More than a dozen new or remodeled schools could be on the drawing boards for Tacoma kids if voters approve a $500 million bond measure Feb. 12.
The Tacoma School Board, which had been discussing the proposal for several weeks, made it official Thursday night. After tweaking ballot language, board members agreed to send the request for funding to voters.
Board members heard from students, parents and staff members last month about the need for aging and inadequate buildings to be modernized or replaced. They described leaking roofs, mold growth, asbestos, foul smells and lack of handicap access in some of the district’s older buildings.
There are 14 schools targeted for major capital improvements under the school district plan, as well as smaller upgrades district-wide that would install new fire alarm systems; enhance buildings’ energy efficiency; fix roofs; and improve restrooms, athletic fields, playgrounds and other school district facilities. Among the planned improvements:
• Modernization of Wilson High School, built in 1958. The first phase of a modernization project was completed in 2007, but older parts of the campus are still in need of updates, school officials and parents said.
• A permanent home for the Science and Math Institute. The small high school has been housed in temporary portable classrooms at Point Defiance Park since it opened in 2009.
• New buildings to replace two schools the district closed in recent years: Wainwright Elementary in Fircrest and Hunt Middle in the West End.
• Modernization of two historic schools: McCarver Elementary in the Hilltop neighborhood and Stewart Middle on Pacific Avenue.
The district has developed a list of the 14 major projects, in anticipated order of construction.
But a memo prepared by district staff also said the timing and order in which projects are completed could change in the future.
Tacoma voters have not approved a construction bond since 2001. New schools and major remodeling projects completed since then include remodeling and expansion of Foss High School, modernization of both Lincoln and Stadium high schools, construction of a new Mount Tahoma High School, a string of new middle schools, and the district’s newest school building, Geiger Montessori School.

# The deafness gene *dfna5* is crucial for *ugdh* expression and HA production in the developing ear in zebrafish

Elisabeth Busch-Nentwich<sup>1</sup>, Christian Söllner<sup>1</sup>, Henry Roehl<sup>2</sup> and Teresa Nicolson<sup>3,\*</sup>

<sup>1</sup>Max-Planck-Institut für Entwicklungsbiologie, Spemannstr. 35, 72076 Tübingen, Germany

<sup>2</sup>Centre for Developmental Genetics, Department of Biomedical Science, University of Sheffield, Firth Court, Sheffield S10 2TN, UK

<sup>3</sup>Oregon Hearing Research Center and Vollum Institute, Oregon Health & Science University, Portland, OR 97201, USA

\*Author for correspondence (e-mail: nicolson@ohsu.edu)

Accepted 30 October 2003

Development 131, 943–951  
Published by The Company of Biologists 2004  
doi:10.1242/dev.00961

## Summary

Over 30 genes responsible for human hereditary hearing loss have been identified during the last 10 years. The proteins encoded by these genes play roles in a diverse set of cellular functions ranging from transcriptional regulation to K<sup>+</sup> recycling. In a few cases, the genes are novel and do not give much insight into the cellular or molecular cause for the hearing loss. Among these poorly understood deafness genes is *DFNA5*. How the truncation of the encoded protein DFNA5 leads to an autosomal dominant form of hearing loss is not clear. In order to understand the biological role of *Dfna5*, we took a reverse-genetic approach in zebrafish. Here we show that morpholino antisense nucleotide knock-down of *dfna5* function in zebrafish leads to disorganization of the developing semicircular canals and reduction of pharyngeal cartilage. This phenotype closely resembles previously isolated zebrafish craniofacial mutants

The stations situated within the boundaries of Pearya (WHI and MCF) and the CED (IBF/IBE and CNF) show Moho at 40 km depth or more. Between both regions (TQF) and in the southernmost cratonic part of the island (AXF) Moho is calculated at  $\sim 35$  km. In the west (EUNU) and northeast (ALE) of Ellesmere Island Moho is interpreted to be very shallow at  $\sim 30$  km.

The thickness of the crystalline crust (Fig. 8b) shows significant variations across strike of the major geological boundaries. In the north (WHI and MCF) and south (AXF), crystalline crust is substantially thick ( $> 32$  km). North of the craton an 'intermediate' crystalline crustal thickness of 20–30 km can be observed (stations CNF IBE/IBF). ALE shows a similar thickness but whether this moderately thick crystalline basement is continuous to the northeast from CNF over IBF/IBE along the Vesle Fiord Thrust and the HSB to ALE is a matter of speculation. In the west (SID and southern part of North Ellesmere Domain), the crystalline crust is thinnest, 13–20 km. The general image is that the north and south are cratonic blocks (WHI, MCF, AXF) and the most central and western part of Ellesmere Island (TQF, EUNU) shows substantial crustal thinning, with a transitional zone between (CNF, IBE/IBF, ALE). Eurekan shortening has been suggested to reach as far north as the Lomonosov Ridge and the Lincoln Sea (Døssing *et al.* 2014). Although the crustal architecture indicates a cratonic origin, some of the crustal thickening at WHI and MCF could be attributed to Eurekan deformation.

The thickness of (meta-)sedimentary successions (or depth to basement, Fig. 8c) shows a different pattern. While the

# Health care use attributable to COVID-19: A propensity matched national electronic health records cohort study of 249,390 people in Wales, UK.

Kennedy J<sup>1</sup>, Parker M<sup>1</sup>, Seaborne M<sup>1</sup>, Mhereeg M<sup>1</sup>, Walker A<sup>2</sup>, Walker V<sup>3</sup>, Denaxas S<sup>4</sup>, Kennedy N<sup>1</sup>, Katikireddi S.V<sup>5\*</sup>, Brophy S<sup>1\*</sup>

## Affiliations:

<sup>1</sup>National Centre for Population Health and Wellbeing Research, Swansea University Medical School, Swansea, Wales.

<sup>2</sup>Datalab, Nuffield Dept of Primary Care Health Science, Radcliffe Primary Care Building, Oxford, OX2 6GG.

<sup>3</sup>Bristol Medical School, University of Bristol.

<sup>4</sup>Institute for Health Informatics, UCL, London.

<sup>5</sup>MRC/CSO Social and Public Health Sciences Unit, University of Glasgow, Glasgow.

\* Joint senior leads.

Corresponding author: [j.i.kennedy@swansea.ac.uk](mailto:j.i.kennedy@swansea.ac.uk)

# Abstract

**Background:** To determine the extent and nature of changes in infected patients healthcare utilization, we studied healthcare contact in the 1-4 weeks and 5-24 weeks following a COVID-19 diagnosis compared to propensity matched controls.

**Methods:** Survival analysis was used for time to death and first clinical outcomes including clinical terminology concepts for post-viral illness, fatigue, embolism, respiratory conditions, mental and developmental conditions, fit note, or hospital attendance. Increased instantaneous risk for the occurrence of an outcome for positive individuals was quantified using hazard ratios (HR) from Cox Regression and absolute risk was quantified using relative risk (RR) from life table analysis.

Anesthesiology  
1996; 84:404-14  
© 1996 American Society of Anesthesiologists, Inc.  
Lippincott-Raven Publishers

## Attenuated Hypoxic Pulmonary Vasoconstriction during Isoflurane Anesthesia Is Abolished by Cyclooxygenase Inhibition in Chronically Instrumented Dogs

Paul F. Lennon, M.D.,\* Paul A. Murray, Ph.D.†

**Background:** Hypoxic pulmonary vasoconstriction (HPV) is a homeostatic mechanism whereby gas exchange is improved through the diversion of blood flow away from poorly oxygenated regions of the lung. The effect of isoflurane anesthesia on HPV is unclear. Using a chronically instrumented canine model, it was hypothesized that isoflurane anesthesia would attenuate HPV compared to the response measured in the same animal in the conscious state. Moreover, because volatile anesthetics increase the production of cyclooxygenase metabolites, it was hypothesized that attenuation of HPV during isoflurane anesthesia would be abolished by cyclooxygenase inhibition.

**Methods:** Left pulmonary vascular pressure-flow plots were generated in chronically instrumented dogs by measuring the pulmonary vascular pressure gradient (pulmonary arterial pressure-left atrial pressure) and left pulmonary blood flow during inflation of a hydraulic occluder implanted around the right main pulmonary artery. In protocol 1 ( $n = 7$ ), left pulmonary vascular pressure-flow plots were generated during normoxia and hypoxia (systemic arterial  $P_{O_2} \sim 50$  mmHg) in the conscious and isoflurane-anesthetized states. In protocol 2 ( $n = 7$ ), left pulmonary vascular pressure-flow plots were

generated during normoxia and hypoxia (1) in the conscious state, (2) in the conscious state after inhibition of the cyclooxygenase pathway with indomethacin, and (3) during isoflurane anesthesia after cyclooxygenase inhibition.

Two bond proposals – one in 2006 and another in 2009 – failed at the polls.
In 2010, voters approved a more modest capital levy for more than $140 million. That levy was slated to pay for several new schools. Baker Middle opened in January, and plans for renovation of Washington-Hoyt Elementary are under way. But a new Hunt Middle has been on hold since it was closed in 2010.
District officials say low interest rates, combined with the possibility of refinancing existing school district debt, could save taxpayers money. Property owners currently pay a total tax rate of just over $7 per $1,000 of assessed property value to the Tacoma School District. That includes an operations levy, a capital levy and bond debt.
If the February bond measure passes, the tax rate would rise to roughly $7.80 per $1,000 through 2020, school officials say. If it fails, taxes are projected to rise to $8.63 per $1,000 by 2016.
Approval of the bond would give the school district the ability to fold short-term debt from a capital levy approved in 2010 into longer-term bond financing. Long-term bonds are the traditional way school districts have financed major construction projects. But capital levies usually collect tax dollars for a shorter time and are easier to pass, with a simple majority vote.
The February bond proposal needs to win approval from a supermajority of 60 percent of voters.Debbie Cafazzo: 253-597-8635 debbie.cafazzo@ thenewstribune.com